Astudy by the National Bureau of Economic Research suggests that federal government aid to students is the reason for increasing college prices.
With over 8,000 Sonoma State University undergraduates receiving financial aid, this study proposes a reason as to why tuition and other college fees have increased over the years past.
The recent study, conducted by Grey Gordon and Aaron Hedlund of the bureau, explains how federal financial aid is the cause for increases in college tuition.
They are suggesting that because of the expansion in financial aid availability, colleges are increasing their tuition based of the assumption financial aid will still cover the additional costs.
Over the past few years, there has been an increase in both subsidized and unsubsidized loans available for students.
For subsidized loans, the federal government pays the interest of the loan while the student is enrolled in school, if they’re taking at least six credits.
Subsidized loans are not based on financial need and the responsibility is left to the owner to pay the money back.
“When I think of financial aid, I think of loans that are given based on financial status,” said Steven Johnson, a sophomore history major. “I thought that was how most loans worked in terms of college students.”
The study states that from 1987 to 2010, tuition has experienced a 106 percent increase.
In the 2010-2011 academic school year, the annual cost of tuition and fees a Sonoma State undergraduate would have to pay was $5,290. In 2012-2013, this number rose to $6,862 and currently, an academic year for a student of Sonoma State University costs $7,330, according to the university website.
“I think it is just set in people’s minds that when you think of college, you think of a lot of money that needs to be spent in order to get a good education,” said Madison Muro, a sophomore art major. “I have never heard of financial aid being an explanation to college costing more, but it does kind of make sense.”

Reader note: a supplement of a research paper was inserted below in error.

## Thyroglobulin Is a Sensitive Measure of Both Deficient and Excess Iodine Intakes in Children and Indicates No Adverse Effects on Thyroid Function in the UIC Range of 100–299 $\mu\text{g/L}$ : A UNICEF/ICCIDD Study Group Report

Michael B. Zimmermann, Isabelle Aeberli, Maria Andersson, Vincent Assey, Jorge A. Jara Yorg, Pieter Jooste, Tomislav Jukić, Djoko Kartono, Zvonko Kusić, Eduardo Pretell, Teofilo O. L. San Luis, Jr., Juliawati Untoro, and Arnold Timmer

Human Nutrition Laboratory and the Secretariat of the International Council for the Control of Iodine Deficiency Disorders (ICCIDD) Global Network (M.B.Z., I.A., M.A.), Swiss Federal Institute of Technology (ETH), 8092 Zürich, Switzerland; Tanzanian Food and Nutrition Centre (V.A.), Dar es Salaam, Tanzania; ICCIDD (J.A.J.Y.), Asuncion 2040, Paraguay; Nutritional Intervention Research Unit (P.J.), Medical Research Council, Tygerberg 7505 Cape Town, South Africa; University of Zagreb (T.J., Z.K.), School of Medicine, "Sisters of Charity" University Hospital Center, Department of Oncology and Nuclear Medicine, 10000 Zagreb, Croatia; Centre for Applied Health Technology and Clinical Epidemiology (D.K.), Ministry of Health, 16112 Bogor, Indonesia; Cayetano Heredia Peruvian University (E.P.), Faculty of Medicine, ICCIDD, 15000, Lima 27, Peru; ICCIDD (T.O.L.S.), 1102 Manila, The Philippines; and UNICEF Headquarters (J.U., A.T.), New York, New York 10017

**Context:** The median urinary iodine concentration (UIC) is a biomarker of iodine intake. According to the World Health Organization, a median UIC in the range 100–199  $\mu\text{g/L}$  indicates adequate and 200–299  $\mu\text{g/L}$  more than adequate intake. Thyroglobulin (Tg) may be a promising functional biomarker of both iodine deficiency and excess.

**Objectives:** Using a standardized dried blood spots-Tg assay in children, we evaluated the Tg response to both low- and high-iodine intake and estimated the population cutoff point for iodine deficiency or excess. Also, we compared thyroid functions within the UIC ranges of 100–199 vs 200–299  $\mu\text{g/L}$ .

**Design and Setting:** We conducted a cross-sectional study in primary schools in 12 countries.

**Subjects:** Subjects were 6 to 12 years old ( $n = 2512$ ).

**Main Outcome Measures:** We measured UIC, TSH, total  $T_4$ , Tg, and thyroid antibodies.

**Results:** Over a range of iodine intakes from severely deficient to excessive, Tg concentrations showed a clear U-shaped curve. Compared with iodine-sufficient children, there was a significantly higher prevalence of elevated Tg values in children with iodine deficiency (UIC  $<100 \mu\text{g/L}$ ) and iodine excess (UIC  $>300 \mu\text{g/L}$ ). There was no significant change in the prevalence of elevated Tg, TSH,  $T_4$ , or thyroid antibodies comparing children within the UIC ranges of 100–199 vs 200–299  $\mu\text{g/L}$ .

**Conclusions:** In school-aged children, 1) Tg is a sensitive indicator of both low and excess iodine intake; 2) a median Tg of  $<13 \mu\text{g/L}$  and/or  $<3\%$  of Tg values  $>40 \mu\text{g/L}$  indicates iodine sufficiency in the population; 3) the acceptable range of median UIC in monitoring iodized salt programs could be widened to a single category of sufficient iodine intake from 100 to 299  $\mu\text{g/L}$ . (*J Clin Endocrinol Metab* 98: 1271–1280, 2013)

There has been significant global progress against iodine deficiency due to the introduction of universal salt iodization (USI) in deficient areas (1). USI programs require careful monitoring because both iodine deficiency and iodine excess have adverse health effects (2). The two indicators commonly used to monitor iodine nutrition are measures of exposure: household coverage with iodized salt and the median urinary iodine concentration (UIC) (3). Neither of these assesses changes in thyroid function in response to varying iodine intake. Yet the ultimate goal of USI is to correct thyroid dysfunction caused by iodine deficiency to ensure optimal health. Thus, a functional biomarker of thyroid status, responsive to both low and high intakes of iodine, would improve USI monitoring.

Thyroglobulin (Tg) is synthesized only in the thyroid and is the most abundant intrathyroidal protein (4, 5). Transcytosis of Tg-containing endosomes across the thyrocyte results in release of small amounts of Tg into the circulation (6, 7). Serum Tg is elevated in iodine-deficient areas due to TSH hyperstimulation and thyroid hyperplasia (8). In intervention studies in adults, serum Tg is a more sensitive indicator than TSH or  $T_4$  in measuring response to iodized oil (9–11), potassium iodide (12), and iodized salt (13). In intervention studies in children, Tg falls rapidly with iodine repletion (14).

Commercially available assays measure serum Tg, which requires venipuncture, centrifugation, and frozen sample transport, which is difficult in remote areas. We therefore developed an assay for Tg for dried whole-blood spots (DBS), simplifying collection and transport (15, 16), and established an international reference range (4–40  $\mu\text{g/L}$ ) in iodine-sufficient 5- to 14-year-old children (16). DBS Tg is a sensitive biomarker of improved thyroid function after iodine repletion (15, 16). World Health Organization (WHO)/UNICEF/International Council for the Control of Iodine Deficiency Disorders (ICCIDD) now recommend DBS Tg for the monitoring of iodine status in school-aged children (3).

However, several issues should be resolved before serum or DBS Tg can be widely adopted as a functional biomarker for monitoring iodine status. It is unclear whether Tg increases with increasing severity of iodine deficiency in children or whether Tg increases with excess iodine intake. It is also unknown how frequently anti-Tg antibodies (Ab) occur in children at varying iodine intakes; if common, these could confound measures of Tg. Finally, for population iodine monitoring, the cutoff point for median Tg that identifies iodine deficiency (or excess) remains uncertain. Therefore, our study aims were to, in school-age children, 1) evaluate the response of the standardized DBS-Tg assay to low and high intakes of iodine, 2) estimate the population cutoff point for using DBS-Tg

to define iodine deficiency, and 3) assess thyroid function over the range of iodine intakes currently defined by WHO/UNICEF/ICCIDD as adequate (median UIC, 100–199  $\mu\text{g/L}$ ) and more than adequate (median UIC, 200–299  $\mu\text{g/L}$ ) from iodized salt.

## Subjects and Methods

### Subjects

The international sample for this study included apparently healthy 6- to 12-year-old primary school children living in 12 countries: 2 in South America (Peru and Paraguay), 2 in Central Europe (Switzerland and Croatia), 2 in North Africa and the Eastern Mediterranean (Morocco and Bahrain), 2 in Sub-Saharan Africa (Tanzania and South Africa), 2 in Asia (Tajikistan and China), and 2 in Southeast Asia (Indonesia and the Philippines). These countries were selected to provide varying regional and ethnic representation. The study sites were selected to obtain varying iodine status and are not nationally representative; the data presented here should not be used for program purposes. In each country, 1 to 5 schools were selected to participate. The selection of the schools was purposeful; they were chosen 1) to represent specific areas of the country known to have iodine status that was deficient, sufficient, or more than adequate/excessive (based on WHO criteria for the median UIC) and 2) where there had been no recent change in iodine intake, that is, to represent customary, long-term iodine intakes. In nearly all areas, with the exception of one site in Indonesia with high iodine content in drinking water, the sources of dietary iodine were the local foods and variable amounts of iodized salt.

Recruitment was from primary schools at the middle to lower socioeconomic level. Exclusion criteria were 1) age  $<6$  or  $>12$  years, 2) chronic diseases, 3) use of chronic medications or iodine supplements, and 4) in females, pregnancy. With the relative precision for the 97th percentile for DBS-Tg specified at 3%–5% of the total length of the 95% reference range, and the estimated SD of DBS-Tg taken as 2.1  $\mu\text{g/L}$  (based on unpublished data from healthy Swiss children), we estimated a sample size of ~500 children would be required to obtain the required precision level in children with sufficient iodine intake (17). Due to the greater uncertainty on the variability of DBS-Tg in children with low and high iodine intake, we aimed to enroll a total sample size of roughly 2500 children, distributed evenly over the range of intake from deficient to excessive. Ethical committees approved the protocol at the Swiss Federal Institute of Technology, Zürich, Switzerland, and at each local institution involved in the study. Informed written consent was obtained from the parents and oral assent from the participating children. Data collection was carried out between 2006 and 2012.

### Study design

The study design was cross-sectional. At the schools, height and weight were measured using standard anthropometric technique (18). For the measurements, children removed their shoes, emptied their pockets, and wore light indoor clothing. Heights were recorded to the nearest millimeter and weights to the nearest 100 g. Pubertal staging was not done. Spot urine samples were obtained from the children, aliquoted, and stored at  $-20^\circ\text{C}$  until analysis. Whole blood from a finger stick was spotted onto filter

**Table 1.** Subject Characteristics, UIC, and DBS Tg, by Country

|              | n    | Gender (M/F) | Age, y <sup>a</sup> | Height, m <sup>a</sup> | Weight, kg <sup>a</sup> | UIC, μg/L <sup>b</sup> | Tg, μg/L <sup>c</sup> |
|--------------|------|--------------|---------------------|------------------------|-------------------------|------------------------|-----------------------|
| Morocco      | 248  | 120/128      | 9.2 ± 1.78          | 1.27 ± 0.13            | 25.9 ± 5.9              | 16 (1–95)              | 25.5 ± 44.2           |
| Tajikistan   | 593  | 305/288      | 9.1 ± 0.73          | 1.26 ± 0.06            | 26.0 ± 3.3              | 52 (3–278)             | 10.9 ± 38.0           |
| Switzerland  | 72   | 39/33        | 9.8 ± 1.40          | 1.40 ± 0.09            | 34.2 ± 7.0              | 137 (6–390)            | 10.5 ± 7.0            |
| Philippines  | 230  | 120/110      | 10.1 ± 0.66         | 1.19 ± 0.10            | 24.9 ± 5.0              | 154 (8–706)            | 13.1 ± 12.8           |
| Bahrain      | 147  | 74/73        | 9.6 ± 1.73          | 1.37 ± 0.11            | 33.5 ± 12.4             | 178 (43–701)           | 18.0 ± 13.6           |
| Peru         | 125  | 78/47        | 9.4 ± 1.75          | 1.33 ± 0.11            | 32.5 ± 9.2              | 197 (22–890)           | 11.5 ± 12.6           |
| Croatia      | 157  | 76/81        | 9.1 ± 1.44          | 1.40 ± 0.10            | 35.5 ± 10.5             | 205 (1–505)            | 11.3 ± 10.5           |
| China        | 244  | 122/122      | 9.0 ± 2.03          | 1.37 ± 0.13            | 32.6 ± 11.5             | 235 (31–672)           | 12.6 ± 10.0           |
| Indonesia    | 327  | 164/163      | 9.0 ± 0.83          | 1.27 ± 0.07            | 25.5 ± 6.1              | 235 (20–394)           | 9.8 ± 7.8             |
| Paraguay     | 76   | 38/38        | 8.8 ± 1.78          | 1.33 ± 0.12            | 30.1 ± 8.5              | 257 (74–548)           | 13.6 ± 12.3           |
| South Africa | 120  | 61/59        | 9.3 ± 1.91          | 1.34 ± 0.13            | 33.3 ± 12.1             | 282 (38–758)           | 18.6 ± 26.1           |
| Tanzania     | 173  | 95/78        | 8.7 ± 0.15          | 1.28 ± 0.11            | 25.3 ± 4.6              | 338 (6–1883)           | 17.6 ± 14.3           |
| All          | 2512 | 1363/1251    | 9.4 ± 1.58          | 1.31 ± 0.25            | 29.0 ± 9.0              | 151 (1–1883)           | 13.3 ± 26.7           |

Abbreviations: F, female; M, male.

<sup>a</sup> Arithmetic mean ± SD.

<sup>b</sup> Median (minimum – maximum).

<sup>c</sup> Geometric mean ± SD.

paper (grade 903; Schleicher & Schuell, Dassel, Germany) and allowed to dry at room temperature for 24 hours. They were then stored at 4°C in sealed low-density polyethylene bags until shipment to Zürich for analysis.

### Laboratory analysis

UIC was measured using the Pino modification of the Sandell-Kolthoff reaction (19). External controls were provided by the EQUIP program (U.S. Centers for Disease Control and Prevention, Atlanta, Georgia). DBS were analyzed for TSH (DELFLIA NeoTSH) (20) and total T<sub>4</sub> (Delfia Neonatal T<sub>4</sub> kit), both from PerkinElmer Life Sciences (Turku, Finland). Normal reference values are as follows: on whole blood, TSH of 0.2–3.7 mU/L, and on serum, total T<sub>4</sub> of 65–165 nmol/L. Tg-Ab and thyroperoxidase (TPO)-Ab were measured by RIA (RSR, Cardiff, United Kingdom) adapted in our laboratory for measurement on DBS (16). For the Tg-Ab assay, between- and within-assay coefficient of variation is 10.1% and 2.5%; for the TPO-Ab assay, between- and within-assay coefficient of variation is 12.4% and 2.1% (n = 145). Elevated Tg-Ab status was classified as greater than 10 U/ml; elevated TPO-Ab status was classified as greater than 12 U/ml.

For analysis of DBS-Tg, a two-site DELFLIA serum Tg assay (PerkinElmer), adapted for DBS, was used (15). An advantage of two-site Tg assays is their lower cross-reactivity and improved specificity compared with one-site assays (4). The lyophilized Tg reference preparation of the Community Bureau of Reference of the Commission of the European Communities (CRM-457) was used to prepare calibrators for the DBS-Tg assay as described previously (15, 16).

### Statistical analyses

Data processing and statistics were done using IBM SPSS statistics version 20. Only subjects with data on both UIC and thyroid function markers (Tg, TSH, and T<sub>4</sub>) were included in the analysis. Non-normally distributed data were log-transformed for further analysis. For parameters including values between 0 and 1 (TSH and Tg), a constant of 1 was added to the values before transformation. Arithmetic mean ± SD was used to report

Economic professor Dave Feldman, author of “Why Does College Cost So Much?”, is one of the few economists who found flaws in the study’s findings.
Feldman has said that a college’s prices are set by its wealthiest students not by federal aid.
He has pointed out the study is based on information from a hypothetical college that was made from data given from private, as well as public universities, which are very different in terms of price and financial aid.
“Private universities price is based on a business model, where willingness and ability to pay definitely dictates the highest tuitions paid by some students,” said Professor Robert Eyler, interim dean at Sonoma State University and professor of economics. “At Sonoma State, a public university, tuition is relatively low versus the competition and generally reacts to changes in costs rather than a change in the ability of students to pay.”
While financial aid may be the cause for increasing tuition, the study does point out that faculty salaries are not the reason.
The theory of rising prices due to faculty salaries increasing has been around for some time, but the college model made in the study says that an increase in enrollment is the reason for an increase in faculty expecting higher salaries.
“The cost is not a per-student cost,” Gordon added in an article titled “Why is Tuition so High?” written by Ellen Wexler. “It has not become more costly to educate an additional student. It’s become more costly to educate all students in general.”
Some Sonoma State faculty are threatening to go on strike in the coming months due to disputes in their current salaries.
“As the son of two teachers I may be biased, “said Sean Mantooth, a senior psychology major,
"But I do think teachers should get paid more, absolutely.”
As word spreads of a possible new explanation as to what is and is not causing rising college prices, more economists will give their take on the study’s data.